0
Original Research: LUNG TRANSPLANTATION |

High Lung Allocation Score Is Associated With Increased Morbidity and Mortality Following Transplantation

Mark J. Russo, MD, MS; Alexander Iribarne, MD; Kimberly N. Hong, MHSA; Ryan R. Davies, MD; Steve Xydas, MD; Hiroo Takayama, MD; Ali Ibrahimiye, MD; Annetine C. Gelijns, PhD; Matthew D. Bacchetta, MD; Frank D’Ovidio, MD, PhD; Selim Arcasoy, MD, FCCP; Joshua R. Sonett, MD
Author and Funding Information

From the Division of Cardiothoracic Surgery, Department of Surgery, (Drs Russo, Iribarne, Davies, Xydas, Takayama, Ibrahimiye, Bacchetta, D’Ovidio, and Sonnett, and Ms Hong), and Division of Pulmonary, Allergy, and Critical Care, Department of Medicine, (Dr Arcasoy), College of Physicians and Surgeons, Columbia University, New York, NY; and the International Center for Health Outcomes and Innovation Research (Dr Gelijns), Department of Health Policy, Mount Sinai School of Medicine, New York, NY.

Correspondence to: Joshua R. Sonett, MD, Division of Cardiothoracic Surgery, Columbia University Medical Center, PH Room 415, 14th Floor, 622 W 168th St, New York, NY 10032; e-mail: js2106@columbia.edu


Funding/Support: This work was supported in part by Health Resources and Services Administration [contract 231-00-0115] and National Institutes of Health Training [Grant 5T32HL007854-13].

Reproduction of this article is prohibited without written permission from the American College of Chest Physicians (www.chestpubs.org/site/misc/reprints.xhtml).


© 2010 American College of Chest Physicians


Chest. 2010;137(3):651-657. doi:10.1378/chest.09-0319
Text Size: A A A
Published online

Background:  The lung allocation score (LAS) was initiated in May 2005 to allocate lungs based on medical urgency and posttransplant survival. The purpose of this study was to determine if there is an association between an elevated LAS at the time of transplantation and increased postoperative morbidity and mortality.

Methods:  The United Network for Organ Sharing provided de-identified patient-level data. Analysis included lung transplant recipients aged ≥ 12 years who received transplants between April 5, 2006, and December 31, 2007 (n = 3,836). Recipients were stratified into three groups: LAS < 50 (n = 3,161, 83.87%), LAS 50 to 75 (n = 411, 10.9%), and LAS ≥ 75 (n = 197, 5.23%), referred to as low LAS (LLAS), intermediate LAS (ILAS), and high LAS (HLAS), respectively. The primary outcome was posttransplant graft survival at 1 year. Secondary outcomes included length of stay and in-hospital complications.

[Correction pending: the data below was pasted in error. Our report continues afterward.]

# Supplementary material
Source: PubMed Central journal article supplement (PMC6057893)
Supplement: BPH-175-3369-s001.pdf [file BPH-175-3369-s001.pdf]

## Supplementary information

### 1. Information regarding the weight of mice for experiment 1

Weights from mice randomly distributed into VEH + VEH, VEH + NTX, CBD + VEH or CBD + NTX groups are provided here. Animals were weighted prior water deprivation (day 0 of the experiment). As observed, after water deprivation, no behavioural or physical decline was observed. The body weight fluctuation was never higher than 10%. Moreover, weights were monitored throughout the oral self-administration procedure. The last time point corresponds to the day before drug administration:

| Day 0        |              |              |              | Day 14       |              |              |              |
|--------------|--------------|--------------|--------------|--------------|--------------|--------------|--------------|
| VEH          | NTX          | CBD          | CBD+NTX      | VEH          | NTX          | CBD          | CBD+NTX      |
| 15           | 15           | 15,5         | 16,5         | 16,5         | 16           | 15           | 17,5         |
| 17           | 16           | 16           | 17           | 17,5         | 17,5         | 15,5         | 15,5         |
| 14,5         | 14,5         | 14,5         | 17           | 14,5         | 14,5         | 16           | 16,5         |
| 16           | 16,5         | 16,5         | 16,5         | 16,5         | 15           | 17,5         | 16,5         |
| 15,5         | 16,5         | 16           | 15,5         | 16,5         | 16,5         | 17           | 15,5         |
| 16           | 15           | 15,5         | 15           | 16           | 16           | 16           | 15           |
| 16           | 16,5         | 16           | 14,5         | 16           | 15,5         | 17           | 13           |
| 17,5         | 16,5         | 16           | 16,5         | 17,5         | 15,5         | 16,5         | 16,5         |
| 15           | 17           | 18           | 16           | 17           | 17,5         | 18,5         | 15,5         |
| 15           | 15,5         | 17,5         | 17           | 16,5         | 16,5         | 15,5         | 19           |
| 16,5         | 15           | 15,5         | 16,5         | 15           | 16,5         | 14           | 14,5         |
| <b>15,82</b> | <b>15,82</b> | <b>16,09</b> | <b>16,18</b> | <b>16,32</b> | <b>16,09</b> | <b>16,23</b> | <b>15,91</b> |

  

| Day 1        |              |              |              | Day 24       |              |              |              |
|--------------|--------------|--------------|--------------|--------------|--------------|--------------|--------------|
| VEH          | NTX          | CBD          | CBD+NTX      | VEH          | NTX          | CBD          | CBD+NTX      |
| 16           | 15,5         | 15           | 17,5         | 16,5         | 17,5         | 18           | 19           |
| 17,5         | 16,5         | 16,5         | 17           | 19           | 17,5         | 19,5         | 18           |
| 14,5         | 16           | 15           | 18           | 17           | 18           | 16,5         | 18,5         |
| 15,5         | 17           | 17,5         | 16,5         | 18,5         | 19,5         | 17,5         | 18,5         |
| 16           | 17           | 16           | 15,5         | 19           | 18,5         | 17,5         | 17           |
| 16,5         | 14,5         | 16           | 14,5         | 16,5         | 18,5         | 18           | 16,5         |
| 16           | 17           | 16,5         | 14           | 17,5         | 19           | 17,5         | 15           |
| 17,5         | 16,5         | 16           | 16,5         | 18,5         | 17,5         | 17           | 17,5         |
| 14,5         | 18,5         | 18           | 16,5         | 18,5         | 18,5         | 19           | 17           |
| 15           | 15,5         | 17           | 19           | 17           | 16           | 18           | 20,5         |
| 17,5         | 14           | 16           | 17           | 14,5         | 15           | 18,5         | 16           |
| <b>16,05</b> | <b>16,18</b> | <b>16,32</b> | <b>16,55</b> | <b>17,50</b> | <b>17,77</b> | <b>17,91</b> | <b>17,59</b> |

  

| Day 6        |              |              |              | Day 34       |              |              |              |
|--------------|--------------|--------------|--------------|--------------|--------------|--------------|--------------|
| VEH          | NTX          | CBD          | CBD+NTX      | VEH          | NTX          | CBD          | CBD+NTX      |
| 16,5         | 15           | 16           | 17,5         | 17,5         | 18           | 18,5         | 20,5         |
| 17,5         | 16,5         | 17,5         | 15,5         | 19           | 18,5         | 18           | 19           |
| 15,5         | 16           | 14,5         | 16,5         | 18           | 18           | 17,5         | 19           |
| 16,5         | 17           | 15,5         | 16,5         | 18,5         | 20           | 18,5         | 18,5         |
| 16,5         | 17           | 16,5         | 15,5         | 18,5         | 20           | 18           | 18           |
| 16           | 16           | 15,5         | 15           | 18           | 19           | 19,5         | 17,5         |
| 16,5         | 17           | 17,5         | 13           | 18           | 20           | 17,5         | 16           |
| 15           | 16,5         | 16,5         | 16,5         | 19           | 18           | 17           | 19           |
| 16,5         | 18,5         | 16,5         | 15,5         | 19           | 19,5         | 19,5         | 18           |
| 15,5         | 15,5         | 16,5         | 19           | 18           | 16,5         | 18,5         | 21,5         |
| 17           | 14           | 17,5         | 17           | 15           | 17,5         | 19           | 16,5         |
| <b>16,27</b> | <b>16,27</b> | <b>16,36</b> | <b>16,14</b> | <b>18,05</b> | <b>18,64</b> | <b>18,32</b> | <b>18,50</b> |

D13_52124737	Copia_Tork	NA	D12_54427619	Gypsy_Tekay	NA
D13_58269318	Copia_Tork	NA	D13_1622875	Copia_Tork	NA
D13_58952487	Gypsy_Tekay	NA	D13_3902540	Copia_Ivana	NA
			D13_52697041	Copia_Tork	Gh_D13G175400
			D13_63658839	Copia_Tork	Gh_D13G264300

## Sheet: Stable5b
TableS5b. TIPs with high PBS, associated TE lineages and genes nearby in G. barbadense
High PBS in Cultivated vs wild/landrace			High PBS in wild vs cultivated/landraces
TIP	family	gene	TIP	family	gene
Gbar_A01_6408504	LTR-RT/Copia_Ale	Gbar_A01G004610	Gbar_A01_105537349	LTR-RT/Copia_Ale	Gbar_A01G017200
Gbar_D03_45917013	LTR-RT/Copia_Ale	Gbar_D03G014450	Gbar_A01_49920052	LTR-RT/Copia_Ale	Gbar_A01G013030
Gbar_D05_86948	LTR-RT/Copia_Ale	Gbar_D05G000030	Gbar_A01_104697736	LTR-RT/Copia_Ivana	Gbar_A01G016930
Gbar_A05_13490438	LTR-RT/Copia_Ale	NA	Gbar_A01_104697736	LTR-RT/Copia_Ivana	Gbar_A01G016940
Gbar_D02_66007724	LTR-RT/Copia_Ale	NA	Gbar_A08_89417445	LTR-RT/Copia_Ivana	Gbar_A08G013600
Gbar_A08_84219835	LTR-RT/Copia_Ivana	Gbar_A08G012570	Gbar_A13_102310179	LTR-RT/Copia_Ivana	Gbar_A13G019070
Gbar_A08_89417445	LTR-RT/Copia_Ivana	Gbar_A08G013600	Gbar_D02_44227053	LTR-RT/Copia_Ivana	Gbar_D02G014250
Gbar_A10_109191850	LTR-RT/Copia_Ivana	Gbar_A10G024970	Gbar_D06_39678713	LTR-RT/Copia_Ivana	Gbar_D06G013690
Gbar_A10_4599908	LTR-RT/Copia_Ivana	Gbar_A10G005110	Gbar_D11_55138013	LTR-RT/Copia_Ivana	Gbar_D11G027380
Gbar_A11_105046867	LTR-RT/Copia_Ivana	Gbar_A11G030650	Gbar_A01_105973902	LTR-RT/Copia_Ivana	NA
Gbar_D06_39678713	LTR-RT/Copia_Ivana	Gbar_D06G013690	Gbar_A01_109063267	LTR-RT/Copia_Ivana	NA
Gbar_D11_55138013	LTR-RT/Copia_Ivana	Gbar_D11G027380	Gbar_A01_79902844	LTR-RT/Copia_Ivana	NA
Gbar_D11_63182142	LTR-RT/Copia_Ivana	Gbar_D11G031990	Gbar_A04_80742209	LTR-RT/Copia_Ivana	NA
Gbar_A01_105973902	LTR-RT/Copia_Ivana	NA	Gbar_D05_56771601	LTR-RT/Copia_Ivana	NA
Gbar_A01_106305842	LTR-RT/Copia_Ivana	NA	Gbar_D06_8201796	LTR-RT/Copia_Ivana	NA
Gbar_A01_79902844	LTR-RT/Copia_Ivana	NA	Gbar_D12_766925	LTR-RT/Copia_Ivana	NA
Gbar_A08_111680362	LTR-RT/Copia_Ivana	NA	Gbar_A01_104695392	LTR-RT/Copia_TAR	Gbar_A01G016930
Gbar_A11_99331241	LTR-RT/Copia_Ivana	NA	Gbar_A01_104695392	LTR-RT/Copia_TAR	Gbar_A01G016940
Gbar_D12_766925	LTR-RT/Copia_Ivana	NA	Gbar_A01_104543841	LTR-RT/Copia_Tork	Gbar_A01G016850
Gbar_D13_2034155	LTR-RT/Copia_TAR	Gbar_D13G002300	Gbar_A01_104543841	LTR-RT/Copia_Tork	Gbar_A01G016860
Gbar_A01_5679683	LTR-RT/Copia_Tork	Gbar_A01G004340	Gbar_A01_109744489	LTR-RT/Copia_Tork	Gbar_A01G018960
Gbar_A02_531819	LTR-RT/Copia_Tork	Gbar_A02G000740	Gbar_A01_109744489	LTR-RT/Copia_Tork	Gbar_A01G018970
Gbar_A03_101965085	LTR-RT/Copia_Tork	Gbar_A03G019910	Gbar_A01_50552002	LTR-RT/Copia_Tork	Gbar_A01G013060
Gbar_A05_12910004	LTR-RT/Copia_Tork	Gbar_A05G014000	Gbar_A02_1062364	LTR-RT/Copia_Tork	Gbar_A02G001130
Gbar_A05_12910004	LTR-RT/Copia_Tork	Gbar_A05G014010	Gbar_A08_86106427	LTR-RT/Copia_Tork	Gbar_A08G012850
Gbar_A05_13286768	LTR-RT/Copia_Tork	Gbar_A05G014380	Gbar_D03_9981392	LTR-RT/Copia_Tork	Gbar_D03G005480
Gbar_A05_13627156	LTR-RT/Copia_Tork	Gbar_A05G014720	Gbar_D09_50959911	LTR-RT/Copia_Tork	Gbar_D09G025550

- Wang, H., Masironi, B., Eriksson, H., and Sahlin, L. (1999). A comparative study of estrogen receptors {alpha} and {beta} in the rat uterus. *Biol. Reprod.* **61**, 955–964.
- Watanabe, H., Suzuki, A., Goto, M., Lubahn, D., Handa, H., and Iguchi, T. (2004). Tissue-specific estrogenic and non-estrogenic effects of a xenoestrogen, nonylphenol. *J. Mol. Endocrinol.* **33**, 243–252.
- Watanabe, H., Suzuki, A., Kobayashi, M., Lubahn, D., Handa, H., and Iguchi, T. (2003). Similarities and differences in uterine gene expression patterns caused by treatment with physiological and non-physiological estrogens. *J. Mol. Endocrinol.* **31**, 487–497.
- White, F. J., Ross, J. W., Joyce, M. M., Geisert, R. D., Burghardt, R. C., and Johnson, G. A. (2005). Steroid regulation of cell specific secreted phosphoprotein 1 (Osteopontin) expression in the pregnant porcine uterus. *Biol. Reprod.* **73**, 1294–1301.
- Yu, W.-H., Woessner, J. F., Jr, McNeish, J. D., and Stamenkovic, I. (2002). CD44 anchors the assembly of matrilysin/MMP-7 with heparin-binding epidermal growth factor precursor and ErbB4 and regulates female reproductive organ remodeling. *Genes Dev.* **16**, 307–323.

Results:  HLAS recipients had significantly worse actuarial survival at 90 days and 1 year compared with LLAS recipients. When transplant recipients were stratified by disease etiology, a trend of decreased survival with elevated LAS was observed across all major causes of lung transplant. HLAS recipients were more likely to require dialysis or to have infections compared with LLAS recipients (P < .001). In addition, length of stay was higher in the HLAS group when compared with the LLAS group (P < .001).

Conclusions:  HLAS is associated with decreased survival and increased complications during the transplant hospitalization. Whereas the LAS has improved organ allocation through decreased waiting list deaths and waiting list times, lower survival and higher morbidity among HLAS recipients suggests that continued review of LAS scoring is needed to ensure optimal long-term transplant survival.

Figures in this Article

Sign In to Access Full Content

MEMBER & INDIVIDUAL SUBSCRIBER

Want Access?

NEW TO CHEST?

Become a CHEST member and receive a FREE subscription as a benefit of membership.

Individuals can purchase this article on ScienceDirect.

Individuals can purchase a subscription to the journal.

Individuals can purchase a subscription to the journal or buy individual articles.

Learn more about membership or Purchase a Full Subscription.

INSTITUTIONAL ACCESS

Institutional access is now available through ScienceDirect and can be purchased at myelsevier.com.

Sign In to Access Full Content

MEMBER & INDIVIDUAL SUBSCRIBER

Want Access?

NEW TO CHEST?

Become a CHEST member and receive a FREE subscription as a benefit of membership.

Individuals can purchase this article on ScienceDirect.

Individuals can purchase a subscription to the journal.

Individuals can purchase a subscription to the journal or buy individual articles.

Learn more about membership or Purchase a Full Subscription.

INSTITUTIONAL ACCESS

Institutional access is now available through ScienceDirect and can be purchased at myelsevier.com.

Figures

Tables

References

NOTE:
Citing articles are presented as examples only. In non-demo SCM6 implementation, integration with CrossRef’s "Cited By" API will populate this tab (http://www.crossref.org/citedby.html).

Some tools below are only available to our subscribers or users with an online account.

Sign In to Access Full Content

MEMBER & INDIVIDUAL SUBSCRIBER

Want Access?

NEW TO CHEST?

Become a CHEST member and receive a FREE subscription as a benefit of membership.

Individuals can purchase this article on ScienceDirect.

Individuals can purchase a subscription to the journal.

Individuals can purchase a subscription to the journal or buy individual articles.

Learn more about membership or Purchase a Full Subscription.

INSTITUTIONAL ACCESS

Institutional access is now available through ScienceDirect and can be purchased at myelsevier.com.

Related Content

Customize your page view by dragging & repositioning the boxes below.

Find Similar Articles
CHEST Journal Articles
  • CHEST Journal
    Print ISSN: 0012-3692
    Online ISSN: 1931-3543